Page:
The executive's office is peppered with dots - bright green on the appointment calendar, a larger blue one under the phone cradle and a hot-orange dot on the face of the clock.

"The dots serve as triggers," explains Lynn Brallier, director of the Stress Management Center of Washington. "Whenever the person sees a dot it reminds them to take a deep breath and relax their shoulders, to guard against a build-up of stress."

A tall, comfortable woman with a warm, almost hypnotic voice, Brallier is a nurse, teacher and psychotherapist who specializes in stress and pain-management methods. "Connecting with dots" is one of the relation techniques she uses to teach people how to regulate their bodies against stress.

Stress results when the body's natural "fight or flight" reacion is activated, she says. Emotions such as worry, anger or fright pump adrenalin into the blood, increase the heart beat and cause muscles to tense. Wonderful if you have to run from a mugger, but not so great if you're plowing through a desk piled with work.

The first signs of stress are often physical problems such as low back pain, teeth-grinding, headaches, colds or stomach trouble, said Brallier. Severe stress has been linked to ulcers, heart attacks and cancer.

Certain professions are particularly stress-prone. "People whose work involves a lot of deadlines, like TV news people, or who have a life and death responsibility, like air-traffic controllers or hospital intensive-care personnel, are high stree candidates," she says. "So are people whose works shifts change often from days to night.

"Learning a relaxating response is the best way to counter the sress response," she says. "Although stress manifests itself in the body, 99 percent of it is caused by what happens in the mind."

Brallier uses biofeedback and relaxation tapes to teach deep muscle relaxation. Like a mental message, relaxation tapes can help a person learn to unlock tight muscles. The soothing, taped voice examines each tension-prone area of the body, from the scalp to each toe, giving suggestions along the way on how to relax that muscle. She also recommends yoga as another technique that teaches the mind to control the body.

When mastered, the relaxation response can be recalled during stressful moments. "I tell commuters to use red lights are relaxation-triggers," says Brallier, who also distributes her dots to affix to stress-provokers like the telephone. "But of course you can't go around putting dots on your boss' forehead."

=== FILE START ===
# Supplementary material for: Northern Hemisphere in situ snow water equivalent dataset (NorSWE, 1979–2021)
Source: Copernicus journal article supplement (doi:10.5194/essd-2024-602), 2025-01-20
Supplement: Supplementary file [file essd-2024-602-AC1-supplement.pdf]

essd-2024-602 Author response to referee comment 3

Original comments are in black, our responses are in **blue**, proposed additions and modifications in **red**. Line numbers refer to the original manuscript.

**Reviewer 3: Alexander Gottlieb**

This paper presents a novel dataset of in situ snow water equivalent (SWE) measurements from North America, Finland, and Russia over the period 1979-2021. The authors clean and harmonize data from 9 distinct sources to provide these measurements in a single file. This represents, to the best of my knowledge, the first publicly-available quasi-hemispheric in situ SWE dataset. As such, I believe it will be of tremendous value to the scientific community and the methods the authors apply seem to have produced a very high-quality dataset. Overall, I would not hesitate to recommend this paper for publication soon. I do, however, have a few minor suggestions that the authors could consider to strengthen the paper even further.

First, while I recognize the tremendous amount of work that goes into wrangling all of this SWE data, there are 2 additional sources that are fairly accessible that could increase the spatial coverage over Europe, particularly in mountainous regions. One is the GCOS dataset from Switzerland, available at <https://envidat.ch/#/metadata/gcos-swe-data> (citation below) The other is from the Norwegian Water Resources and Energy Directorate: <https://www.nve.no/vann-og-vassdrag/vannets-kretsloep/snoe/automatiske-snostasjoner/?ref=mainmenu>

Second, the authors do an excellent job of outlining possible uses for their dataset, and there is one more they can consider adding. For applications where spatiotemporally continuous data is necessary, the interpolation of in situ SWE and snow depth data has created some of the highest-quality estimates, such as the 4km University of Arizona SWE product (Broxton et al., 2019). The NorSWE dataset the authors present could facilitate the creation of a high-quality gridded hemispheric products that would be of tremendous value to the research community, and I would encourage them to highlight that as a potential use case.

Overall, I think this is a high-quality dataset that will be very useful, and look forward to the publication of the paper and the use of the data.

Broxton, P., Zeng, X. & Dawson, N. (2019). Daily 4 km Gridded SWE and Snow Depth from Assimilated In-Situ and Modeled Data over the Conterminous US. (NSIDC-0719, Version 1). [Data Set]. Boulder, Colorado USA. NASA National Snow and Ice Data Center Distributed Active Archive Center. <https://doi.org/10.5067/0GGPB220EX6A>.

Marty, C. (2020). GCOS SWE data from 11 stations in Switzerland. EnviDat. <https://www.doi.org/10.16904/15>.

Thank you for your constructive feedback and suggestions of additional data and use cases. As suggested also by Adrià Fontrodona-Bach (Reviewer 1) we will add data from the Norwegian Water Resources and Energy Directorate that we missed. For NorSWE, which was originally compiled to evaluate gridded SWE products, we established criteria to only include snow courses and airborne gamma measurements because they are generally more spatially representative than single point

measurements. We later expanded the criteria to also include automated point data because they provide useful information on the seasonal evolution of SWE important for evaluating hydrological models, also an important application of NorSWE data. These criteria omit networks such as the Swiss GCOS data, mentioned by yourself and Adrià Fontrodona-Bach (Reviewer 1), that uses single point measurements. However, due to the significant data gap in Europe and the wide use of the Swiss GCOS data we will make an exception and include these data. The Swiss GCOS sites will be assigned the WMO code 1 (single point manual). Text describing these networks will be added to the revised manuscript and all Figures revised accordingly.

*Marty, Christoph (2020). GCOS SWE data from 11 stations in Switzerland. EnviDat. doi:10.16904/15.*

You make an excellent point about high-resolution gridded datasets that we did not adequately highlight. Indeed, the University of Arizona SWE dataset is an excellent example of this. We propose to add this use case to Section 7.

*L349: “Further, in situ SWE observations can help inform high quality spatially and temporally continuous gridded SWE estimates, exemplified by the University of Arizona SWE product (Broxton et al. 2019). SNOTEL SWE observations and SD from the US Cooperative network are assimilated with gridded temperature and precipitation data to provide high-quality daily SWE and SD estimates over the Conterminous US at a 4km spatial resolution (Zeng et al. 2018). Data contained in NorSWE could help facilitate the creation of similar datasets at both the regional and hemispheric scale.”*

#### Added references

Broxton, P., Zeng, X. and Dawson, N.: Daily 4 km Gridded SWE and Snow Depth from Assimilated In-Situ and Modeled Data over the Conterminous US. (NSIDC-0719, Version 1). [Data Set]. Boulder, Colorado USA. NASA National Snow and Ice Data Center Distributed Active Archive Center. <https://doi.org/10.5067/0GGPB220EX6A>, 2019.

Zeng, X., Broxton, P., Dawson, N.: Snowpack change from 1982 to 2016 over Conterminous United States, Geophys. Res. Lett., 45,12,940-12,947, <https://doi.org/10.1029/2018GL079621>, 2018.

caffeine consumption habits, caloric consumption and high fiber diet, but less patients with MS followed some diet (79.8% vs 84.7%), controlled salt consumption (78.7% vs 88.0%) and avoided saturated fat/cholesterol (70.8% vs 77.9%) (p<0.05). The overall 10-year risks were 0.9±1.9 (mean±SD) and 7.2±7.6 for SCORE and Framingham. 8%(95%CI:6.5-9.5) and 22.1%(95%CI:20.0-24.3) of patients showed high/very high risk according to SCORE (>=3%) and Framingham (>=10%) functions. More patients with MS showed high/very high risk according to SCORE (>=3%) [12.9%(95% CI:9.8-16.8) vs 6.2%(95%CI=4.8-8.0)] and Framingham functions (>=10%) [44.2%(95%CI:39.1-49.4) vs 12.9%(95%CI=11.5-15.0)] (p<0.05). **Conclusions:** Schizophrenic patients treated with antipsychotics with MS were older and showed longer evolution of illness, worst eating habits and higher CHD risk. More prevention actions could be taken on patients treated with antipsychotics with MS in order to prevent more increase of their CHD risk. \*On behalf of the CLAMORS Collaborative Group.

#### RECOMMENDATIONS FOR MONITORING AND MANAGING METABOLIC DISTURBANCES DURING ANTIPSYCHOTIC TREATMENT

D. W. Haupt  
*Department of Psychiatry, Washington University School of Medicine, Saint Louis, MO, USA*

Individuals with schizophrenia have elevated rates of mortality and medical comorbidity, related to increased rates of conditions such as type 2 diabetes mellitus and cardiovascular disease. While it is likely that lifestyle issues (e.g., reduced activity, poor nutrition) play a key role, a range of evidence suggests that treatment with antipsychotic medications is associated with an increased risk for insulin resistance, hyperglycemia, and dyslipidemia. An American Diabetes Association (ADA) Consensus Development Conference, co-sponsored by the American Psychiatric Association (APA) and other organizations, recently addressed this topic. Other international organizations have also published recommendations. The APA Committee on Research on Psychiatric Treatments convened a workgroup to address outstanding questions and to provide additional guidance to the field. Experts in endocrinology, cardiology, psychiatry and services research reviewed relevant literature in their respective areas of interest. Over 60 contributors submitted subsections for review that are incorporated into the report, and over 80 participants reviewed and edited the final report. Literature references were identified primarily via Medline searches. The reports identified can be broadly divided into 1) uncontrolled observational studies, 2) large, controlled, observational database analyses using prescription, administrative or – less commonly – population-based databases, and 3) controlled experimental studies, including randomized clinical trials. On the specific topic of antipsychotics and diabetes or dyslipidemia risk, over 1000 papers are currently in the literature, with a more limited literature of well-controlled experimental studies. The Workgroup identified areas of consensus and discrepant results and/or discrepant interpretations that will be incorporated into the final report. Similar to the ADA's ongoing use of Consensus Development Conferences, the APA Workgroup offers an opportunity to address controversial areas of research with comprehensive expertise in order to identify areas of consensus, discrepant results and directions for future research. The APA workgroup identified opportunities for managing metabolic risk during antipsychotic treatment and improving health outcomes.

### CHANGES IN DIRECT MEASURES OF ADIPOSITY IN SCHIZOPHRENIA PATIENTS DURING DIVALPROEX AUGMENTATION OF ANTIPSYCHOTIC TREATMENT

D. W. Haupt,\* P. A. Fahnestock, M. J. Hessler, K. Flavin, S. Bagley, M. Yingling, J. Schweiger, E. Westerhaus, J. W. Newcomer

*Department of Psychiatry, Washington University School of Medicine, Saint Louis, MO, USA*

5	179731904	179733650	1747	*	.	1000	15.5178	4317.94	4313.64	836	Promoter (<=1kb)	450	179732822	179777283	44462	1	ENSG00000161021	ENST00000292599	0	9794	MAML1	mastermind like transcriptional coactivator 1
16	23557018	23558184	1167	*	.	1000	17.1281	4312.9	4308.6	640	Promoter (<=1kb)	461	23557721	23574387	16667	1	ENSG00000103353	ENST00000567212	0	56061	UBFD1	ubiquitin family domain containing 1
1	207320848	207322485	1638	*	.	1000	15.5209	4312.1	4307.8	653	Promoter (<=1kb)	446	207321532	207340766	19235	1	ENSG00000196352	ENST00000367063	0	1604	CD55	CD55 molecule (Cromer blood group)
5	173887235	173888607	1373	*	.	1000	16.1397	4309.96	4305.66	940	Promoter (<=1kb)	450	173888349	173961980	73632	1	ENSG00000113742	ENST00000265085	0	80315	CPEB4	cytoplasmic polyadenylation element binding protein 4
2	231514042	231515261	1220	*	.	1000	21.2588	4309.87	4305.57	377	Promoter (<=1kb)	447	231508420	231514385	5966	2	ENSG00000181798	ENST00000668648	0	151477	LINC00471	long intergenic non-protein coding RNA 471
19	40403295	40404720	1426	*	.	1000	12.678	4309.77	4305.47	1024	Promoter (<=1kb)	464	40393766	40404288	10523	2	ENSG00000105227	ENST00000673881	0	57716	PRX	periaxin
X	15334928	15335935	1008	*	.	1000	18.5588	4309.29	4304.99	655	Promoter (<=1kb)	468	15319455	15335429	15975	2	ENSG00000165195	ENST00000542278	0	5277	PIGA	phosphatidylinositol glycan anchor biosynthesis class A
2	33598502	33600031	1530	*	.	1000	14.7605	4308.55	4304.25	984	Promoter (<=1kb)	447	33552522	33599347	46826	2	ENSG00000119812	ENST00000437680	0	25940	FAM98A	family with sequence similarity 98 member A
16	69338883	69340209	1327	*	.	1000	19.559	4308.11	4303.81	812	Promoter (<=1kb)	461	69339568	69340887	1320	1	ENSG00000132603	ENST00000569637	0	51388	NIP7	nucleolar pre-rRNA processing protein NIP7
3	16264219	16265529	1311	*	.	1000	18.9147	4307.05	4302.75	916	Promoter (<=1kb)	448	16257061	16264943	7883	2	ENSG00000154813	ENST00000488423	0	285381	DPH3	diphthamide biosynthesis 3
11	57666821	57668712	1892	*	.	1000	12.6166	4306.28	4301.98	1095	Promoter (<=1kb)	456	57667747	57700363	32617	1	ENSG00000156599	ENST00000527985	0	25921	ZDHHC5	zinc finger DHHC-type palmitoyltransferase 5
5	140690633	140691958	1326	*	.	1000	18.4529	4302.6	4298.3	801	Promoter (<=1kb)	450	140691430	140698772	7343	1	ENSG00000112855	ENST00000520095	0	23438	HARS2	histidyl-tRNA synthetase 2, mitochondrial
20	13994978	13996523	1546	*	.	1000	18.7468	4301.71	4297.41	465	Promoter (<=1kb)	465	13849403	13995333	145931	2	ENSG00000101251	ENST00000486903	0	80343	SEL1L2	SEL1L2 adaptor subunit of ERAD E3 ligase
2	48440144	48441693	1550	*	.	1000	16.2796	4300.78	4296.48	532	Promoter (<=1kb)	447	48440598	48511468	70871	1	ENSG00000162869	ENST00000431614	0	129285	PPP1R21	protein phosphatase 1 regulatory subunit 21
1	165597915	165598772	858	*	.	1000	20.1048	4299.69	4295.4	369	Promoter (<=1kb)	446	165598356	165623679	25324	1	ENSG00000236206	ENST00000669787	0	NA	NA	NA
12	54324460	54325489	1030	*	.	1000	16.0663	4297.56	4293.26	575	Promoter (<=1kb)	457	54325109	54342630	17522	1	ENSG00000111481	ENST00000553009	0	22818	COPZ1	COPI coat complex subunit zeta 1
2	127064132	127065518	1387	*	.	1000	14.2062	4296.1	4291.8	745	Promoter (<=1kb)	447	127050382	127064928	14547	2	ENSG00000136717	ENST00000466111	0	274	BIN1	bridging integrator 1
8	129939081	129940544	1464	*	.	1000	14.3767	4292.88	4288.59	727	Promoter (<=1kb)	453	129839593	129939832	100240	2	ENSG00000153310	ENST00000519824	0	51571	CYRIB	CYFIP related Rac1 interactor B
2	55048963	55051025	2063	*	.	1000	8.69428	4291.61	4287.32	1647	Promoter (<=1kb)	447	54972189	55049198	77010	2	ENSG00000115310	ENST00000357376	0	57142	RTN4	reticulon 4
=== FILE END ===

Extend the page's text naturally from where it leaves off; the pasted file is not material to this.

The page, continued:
Often stress is associated with work to the extent that some people's stomachs knot the minute they walk in the office door. Among Fortune 500 companies, meditation periods and exercise rooms are common. Some businesses even allow employes to take "stress-day" leave.

Heavy workloads and co-workers are the most common stress-provokers on the job, says Brallier. She offers these tips on dealing with stress in the work-place:

Organize your day before you start. Take 15 minutes to sit down, relax and map out the day as you want it to go.

Avoid starting prjects you will be unable to finish. Break down a large task into sections, and try to complete at least a unit of work during the day.

Talk to your boss if you feel your workload is overwhelming.A supervisor who gives you an additional task may not be aware that you're already working on a dozen others. You may be able to set priorities, putting some work aside.

Express your feeling if you are frustrated. Rather than waiting until a work situation is untenable, trying to work out a problem early on.

Learn to detach yourself from a stressful situation. Take two minutes to put the task in perspective by asking yourself, "How important is this really? Will I get fired if I don't get this done?" If the answer is yes, you have two basic choices. Either rivet all your attention on that task, relax and get the work done or cahnge jobs to a less high-pressure position.

Be assertive if a co-worker's habits bother you. Tell the person why that behavior makes the work environment unpleasant for you, and suggest talking together with your supervisor if you can't work it out together.

Concentrate on keeping your body relaxed if you are unable to change your environment, particularly if the distraction is a temporary one. Tell yourself, "this is not worth getting upset about."

For a Stress Attack

Breathe deeply, if you feel the stress is taking control. Fin your pulse and breathe out for six.

Get to a private place if you are about to scream or your heart is beating wildly. Sit or lie down with you eye closed and concentrate on taking deep abdominal breaths. If possible, bring a good friend along to help you talk out your frustrations.

Take a fantasy trip. Shut your eyes and think o a beautiful place you have visited. Recreate every color, sound and detail. Imagine yourself alone there, totally relaxed. Attitude

"People who have some kind of philosophy in which they value their ability to love other people and themselves suffer less stress attacks," says Brallier. "This quality is one of the biggest things I've noticed about people who handle stress well."

"An event in itself isn't stressful," adds Dr. Nicola Tauraso, who teaches a course on Coping With Stress at the GoTaCh Center in Fredrick, Md. "It's the way you look at it that makes something stressful. If you go to work hating your job, you're going to have a stressful day." He suggestions:

Get in front of a mirror in the morning and tell yourself the way you want to feel. You can talk yourself into feeling good.

Change the way you think about stress. Consider a potentially stressful event as a challenge, dig in and do your best. CAPTION: Picture, no caption